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Competition in the cosmetics market is fierce with companies striving to stand out from the crowd to turn “one-time” customers into dedicated, loyal followers of their brands. In this environment, cosmetic products must offer consumers more than great colors, appealing ads and an attractive appearance—they must create a positive product experience. To achieve these ambitious goals, formulas need to provide additional benefits including superior application properties and optical effects to offer consumers immediate satisfaction.
Functional filler pigments are used in an array of cosmetic products to adjust key sensorial and optical properties and affect the application behavior of color and care formulations including mascara, lipstick, lotions, creams, shower gels, hair gels, eye liner, foundations, soaps, pressed and loose powders, powder-to-cream products and nail lacquers. While color pigments, colorants, dyes and perfumes lend body and character to cosmetics, functional filler pigments fine-tune subtle properties such as viscosity, hardness, pay-off, volume, skin feel, transparency and soft focus effects—which are of decisive importance for the haptic properties of a cosmetic product and thus for consumer acceptance.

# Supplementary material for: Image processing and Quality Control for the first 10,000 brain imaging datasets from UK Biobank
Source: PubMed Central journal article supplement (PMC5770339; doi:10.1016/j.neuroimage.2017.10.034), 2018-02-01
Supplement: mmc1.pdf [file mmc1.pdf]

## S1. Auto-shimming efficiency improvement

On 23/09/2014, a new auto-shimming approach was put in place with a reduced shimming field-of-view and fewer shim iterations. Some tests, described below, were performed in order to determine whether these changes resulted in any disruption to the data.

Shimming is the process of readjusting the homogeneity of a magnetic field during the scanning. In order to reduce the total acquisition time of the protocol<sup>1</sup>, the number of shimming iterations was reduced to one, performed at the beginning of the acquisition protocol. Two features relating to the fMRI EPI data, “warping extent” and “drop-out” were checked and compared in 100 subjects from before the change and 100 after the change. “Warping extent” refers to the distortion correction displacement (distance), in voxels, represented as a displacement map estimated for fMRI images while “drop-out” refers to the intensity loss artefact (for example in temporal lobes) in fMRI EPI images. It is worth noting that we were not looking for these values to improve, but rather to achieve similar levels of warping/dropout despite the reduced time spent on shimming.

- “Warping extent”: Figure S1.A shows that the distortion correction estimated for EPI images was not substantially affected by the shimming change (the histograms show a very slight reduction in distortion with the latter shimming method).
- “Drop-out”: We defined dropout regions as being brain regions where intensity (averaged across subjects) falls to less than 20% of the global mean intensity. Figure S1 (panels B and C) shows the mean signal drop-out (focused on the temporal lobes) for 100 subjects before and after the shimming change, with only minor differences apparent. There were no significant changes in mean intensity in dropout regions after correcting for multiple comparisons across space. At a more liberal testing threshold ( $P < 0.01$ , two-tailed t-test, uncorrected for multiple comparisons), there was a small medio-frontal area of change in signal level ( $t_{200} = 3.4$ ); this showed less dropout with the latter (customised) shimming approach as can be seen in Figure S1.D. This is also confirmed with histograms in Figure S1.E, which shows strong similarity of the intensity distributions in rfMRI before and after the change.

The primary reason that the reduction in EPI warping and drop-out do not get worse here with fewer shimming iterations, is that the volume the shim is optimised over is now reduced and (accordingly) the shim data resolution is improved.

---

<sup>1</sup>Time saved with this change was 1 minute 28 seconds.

Since these functional ingredients do not, as a rule, determine the predominant characteristics of cosmetics like color or odor, they are usually odorless, white powders with pleasant skin feel and good spreading behavior in typical cosmetic media including water, oil, waxes or nail lacquer bases. Hence, a vast number of fillers are available, and almost all of them are white powders with a specific skin feel. Up to now, no reliable physical method has been available to characterize the optical properties of functional filler pigments. In addition, haptic tests by panelists are highly subjective.
This is only an excerpt of the full article that appeared in Cosmetics & Toiletries, but you can purchase the full-text version.